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On Saturday, the Washington Post disclosed Alberto Gonzales’s “correction” to his July 24 testimony concerning Karl Rove’s political briefings. It turns out that such briefings did in fact occur, and Paul Kiel at TPM has more details. Nothing too surprising–who was there? Sampson, Goodling, and the “Agency chiefs of staff.” Where was it? At the White House. Who conducted the briefing? Karl Rove.
The purpose of the briefing was to discuss what these political appointees at Justice could do to advance the election efforts of the Republican Party. We know from notes of other briefings, and from copies of Rove’s slideshows, that he frequently went state-by-state with a hit list of Democratic officeholders. Let’s see what we can do to make these folks look bad, he said.
Now, how might the Justice Department act on such a suggestion? Via investigations and prosecutions. That, indeed, was Rove’s hallmark technique from the time of the Texas Agriculture Commissioner election that he managed for Rick Perry in the late eighties.
Kiel notes that just days after the briefing, Sampson was finishing up a list of U.S. attorneys to be purged:
These, of course, were the two 30-something senior staffers at the center of the U.S. attorney firings, and the briefing was given shortly before the firing process entered its final stage. One week after the briefing, Sampson sent then-White House counsel Harriet Miers another draft list of U.S. attorneys to fire — the first such list he’d drafted for more than six months. There’s no evidence that the briefing, which was given to political appointees from a number of agencies, led directly to the generation of that list, but surely it helped Sampson and Goodling, who were at the forefront of the politicization of the Department, to be well apprised of “the political landscape.”
And now the White House tells us that Karl Rove’s briefing of these young whippersnappers from D.O.J., as well as the squad commander politicos, is subject to “executive privilege” because, if it were revealed, it would damage Rove’s ability to advise the president about sensitive matters. Ditto for the communications with Harriet Miers. That contention is hysterically absurd. But honestly, does it take much imagination to envision what was going on?
The G.O.P. electoral landscape was being linked directly to the performance of specific U.S. attorneys. There was a strong focus on the “battleground states” (and indeed, the names of U.S. attorneys that emerged on that list are U.S. attorneys from these states), and the questions are simple: what have they done to help the electoral cause. They were expected to do two things: pursue the “voting fraud” fraud to try to suppress voter turnout in Democratic communities; and prosecute Democratic officeholders. They were expected to avoid prosecuting Republicans. Each of the U.S. attorneys on the list violated one or more of these injunctions. The facts couldn’t be clearer.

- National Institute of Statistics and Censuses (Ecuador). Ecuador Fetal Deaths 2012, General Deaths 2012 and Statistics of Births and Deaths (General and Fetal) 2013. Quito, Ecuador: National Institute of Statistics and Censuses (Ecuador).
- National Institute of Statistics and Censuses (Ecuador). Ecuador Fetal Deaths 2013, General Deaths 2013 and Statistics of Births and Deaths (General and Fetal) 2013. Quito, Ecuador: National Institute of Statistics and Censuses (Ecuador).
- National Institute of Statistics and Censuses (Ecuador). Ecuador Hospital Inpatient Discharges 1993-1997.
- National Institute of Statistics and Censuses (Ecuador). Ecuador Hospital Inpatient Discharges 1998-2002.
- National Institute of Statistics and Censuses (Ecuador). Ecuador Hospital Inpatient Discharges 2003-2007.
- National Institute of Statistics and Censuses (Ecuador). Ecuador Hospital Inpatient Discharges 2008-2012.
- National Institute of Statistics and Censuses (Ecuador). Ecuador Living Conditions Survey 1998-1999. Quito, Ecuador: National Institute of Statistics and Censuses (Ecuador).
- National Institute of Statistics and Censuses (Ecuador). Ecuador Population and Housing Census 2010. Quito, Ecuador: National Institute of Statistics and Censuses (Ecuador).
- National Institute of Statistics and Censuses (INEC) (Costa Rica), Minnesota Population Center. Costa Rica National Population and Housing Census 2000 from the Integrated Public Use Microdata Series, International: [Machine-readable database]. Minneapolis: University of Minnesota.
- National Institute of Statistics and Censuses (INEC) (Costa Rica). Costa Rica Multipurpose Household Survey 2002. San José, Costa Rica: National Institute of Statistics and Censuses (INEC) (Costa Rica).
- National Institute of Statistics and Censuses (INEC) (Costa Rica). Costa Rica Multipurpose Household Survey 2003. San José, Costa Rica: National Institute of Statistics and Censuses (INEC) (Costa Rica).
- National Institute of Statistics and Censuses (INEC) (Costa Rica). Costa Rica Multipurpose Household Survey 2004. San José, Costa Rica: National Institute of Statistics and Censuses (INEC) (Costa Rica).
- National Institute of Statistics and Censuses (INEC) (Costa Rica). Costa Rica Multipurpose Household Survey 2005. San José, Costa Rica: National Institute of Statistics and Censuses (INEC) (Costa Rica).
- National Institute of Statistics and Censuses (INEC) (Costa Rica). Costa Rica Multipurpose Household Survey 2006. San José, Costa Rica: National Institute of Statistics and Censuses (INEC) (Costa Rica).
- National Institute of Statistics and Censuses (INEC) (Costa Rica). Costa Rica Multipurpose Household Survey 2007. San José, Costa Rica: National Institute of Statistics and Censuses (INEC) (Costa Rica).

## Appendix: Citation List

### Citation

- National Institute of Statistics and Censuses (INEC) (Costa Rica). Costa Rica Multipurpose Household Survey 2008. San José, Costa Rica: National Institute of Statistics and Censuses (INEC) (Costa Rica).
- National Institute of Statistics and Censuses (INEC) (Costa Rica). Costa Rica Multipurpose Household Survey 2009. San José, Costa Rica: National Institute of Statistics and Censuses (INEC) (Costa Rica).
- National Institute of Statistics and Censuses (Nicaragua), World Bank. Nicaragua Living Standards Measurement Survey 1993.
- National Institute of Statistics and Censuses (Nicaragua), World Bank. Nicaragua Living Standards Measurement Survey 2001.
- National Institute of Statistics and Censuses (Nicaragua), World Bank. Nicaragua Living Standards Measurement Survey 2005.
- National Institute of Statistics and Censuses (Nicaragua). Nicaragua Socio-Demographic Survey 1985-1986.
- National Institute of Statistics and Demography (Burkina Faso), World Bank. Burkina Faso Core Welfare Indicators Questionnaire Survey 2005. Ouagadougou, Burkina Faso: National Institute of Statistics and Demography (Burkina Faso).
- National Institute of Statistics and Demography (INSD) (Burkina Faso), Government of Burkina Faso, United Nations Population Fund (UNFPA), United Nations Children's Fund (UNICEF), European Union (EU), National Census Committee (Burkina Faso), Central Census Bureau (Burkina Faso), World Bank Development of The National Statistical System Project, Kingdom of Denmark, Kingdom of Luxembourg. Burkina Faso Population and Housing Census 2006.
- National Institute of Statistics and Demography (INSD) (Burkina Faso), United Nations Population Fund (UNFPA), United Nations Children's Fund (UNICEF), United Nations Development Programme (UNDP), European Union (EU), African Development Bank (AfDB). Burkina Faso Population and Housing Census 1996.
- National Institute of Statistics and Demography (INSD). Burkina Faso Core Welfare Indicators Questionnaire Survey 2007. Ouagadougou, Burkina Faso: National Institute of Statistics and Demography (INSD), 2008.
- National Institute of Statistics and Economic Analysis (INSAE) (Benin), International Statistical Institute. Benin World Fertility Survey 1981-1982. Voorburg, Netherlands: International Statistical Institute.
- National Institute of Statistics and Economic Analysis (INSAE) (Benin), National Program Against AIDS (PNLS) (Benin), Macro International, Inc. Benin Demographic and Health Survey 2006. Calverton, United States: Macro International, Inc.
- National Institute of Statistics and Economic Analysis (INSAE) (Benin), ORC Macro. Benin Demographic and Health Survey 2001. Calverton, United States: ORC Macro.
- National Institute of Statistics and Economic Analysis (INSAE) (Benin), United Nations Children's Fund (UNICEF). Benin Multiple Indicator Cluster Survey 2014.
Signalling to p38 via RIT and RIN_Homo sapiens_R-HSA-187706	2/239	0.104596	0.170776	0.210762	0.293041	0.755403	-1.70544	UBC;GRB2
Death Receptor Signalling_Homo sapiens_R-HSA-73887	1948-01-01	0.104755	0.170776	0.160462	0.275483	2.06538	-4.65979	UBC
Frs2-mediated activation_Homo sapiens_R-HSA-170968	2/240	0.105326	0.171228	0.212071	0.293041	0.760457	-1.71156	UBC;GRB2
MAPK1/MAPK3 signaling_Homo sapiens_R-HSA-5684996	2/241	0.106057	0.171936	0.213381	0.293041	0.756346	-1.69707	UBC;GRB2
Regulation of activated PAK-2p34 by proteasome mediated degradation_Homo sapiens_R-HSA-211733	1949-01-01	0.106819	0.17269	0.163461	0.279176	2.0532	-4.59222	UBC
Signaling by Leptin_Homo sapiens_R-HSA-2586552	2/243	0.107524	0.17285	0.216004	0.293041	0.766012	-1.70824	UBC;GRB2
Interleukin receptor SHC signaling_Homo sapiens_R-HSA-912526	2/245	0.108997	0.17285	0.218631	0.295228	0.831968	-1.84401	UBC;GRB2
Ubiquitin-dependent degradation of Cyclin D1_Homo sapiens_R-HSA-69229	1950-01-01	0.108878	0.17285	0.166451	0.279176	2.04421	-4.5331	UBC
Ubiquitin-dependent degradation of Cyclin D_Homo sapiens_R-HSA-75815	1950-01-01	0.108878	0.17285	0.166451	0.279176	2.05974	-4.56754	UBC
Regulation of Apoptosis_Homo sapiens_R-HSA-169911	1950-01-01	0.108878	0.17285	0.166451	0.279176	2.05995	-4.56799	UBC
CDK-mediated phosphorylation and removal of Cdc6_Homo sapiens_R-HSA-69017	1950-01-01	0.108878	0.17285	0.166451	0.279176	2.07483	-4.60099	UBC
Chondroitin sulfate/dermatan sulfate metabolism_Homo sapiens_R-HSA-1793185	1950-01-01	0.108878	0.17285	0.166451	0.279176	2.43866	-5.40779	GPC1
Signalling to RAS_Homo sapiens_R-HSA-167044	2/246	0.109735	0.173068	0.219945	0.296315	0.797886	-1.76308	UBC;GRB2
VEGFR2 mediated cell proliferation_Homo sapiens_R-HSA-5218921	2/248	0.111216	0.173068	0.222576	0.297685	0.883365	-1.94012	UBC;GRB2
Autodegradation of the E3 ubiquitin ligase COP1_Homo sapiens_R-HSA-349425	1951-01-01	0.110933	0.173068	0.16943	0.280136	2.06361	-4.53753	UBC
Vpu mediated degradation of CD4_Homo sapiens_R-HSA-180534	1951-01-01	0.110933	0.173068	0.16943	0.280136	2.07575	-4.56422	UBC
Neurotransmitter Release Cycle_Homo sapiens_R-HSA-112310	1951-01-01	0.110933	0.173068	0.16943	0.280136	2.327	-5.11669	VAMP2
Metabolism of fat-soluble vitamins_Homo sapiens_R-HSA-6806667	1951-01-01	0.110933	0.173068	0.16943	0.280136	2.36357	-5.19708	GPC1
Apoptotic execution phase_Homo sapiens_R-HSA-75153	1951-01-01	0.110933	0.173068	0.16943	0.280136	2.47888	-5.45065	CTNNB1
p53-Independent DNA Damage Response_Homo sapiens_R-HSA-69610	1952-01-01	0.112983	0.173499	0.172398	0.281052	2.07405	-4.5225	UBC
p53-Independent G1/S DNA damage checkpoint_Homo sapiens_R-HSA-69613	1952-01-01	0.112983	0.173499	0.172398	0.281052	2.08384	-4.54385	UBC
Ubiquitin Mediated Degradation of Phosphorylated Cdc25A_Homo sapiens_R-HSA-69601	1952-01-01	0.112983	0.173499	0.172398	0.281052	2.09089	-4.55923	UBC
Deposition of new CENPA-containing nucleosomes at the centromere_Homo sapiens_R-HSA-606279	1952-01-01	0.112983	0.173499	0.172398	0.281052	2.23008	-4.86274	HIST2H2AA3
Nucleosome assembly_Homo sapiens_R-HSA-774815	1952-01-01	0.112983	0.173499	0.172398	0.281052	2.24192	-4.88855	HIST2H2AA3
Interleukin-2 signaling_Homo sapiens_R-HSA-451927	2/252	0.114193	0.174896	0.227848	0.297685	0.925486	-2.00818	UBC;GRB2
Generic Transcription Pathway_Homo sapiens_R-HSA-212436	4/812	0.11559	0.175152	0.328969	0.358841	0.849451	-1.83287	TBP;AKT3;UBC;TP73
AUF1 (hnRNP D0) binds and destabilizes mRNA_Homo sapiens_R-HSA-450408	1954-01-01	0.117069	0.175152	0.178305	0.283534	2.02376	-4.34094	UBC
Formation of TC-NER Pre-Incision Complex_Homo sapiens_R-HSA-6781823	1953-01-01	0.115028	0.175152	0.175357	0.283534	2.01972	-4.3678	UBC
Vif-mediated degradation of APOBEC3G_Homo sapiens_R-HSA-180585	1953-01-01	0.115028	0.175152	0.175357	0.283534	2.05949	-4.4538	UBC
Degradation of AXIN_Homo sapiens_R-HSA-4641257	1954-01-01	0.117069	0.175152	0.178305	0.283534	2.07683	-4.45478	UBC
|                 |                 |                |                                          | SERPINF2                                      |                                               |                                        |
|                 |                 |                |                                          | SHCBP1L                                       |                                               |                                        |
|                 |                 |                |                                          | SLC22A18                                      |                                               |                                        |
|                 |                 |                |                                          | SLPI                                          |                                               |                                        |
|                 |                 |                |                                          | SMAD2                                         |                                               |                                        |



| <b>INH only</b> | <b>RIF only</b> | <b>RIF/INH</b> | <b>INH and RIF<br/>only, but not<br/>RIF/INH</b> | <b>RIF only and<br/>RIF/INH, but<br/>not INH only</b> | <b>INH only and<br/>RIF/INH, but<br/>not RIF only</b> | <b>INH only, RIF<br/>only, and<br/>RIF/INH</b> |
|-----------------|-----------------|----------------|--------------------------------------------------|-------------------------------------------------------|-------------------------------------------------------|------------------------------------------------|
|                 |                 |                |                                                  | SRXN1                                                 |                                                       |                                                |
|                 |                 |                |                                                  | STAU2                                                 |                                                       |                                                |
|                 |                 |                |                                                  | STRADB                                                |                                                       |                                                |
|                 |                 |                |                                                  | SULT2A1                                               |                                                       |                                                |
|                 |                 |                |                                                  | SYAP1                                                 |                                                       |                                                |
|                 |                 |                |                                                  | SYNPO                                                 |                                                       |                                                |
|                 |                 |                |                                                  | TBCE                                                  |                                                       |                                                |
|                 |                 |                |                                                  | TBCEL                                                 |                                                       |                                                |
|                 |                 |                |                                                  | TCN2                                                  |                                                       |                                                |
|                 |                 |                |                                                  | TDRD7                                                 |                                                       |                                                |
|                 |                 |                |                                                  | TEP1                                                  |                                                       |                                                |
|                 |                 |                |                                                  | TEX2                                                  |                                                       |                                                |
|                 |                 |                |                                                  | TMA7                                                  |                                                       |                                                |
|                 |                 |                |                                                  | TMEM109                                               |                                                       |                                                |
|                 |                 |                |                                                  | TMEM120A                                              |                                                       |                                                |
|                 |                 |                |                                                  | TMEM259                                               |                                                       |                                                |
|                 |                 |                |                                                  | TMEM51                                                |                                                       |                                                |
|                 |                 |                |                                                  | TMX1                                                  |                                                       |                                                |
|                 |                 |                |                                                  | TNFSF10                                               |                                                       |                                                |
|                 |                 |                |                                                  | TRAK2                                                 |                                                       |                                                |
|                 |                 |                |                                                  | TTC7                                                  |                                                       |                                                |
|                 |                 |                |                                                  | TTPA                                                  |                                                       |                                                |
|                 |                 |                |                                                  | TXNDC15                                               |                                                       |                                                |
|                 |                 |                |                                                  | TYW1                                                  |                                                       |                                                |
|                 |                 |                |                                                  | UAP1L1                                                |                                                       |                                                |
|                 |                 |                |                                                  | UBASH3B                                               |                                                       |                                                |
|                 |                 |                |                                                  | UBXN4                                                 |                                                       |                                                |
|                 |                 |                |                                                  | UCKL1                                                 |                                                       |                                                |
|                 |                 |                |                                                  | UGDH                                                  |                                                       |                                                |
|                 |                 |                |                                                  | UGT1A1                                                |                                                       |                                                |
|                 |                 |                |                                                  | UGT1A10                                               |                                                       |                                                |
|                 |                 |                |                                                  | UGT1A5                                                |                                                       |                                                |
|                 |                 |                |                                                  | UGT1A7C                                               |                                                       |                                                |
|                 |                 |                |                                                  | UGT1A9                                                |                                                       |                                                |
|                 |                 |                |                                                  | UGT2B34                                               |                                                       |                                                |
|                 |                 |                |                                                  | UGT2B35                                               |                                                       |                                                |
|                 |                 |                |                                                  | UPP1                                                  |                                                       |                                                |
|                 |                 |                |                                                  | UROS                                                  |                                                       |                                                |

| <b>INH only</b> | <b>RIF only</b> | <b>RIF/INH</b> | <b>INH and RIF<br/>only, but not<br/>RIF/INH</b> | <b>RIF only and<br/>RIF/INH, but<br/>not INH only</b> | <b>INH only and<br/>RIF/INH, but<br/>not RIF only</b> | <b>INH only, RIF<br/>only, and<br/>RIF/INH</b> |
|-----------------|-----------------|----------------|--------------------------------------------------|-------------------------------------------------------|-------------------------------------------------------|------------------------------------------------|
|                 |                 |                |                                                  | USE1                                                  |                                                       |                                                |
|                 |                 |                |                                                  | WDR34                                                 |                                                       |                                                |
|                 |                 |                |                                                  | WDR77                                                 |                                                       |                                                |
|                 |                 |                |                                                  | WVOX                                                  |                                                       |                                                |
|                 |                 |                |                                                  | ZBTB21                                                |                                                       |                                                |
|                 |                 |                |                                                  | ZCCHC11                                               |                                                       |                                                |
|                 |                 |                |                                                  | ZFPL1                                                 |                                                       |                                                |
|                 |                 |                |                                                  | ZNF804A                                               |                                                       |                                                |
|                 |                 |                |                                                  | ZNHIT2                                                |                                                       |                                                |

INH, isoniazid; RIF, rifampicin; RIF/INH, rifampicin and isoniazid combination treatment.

Do we need any better reason for Fredo’s faltering memory? This is just the sort of thing he should fail to remember . . . until embarrassing documents get in the way.
More from Scott Horton:
Conversation — March 30, 2016, 3:44 pm
Joseph Hickman discusses his new book, The Burn Pits, which tells the story of thousands of U.S. soldiers who, after returning from Iraq and Afghanistan, have developed rare cancers and respiratory diseases.
i. stand with israel
I listen to a lot of conservative talk radio. Confident masculine voices telling me the enemy is everywhere and victory is near — I often find it affirming: there’s a reason I don’t think that way. Last spring, many right-wing commentators made much of a Bloomberg poll that asked Americans, “Are you more sympathetic to Netanyahu or Obama?” Republicans picked the Israeli prime minister over their own president, 67 to 16 percent. There was a lot of affected shock that things had come to this. Rush Limbaugh said of Netanyahu that he wished “we had this kind of forceful moral, ethical clarity leading our own country”; Mark Levin described him as “the leader of the free world.” For a few days there I yelled quite a bit in my car.
The one conservative radio show I do find myself enjoying is hosted by Dennis Prager. At the Thanksgiving dinner of American radio personalities (Limbaugh is your jittery brother-in-law, Michael Savage is your racist uncle, Hugh Hewitt is Hugh Hewitt) Dennis Prager is the turkey-carving patriarch trying to keep the conversation moderately high-minded. While Prager obviously doesn’t like liberals — “The gaps between the left and right on almost every issue that matters are in fact unbridgeable,” he has said — he often invites them onto his show for debate, which is rare among right-wing hosts. Yet his gently exasperated take on the Obama–Netanyahu matchup was among the least charitable: “Those who do not confront evil resent those who do.”
Pairs of moose-dung earrings sold each year at Grizzly’s Gifts in Anchorage, Alaska:
An Alaskan brown bear was reported to have scratched its face with barnacled rocks, making it the first bear seen using tools since 1972, when a Svalbardian polar bear is alleged to have clubbed a seal in the head with a block of ice.
A former prison in Philadelphia that has served as a horror-movie set was being prepared as a detention center for protesters arrested at the upcoming Democratic National Convention, and presumptive Republican presidential nominee Donald Trump fired his campaign manager.
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“Matt was happy enough to sustain himself on the detritus of a world he saw as careening toward self-destruction, and equally happy to scam a government he despised. 'I’m glad everyone’s so wasteful,' he told me. 'It supports my lifestyle.'”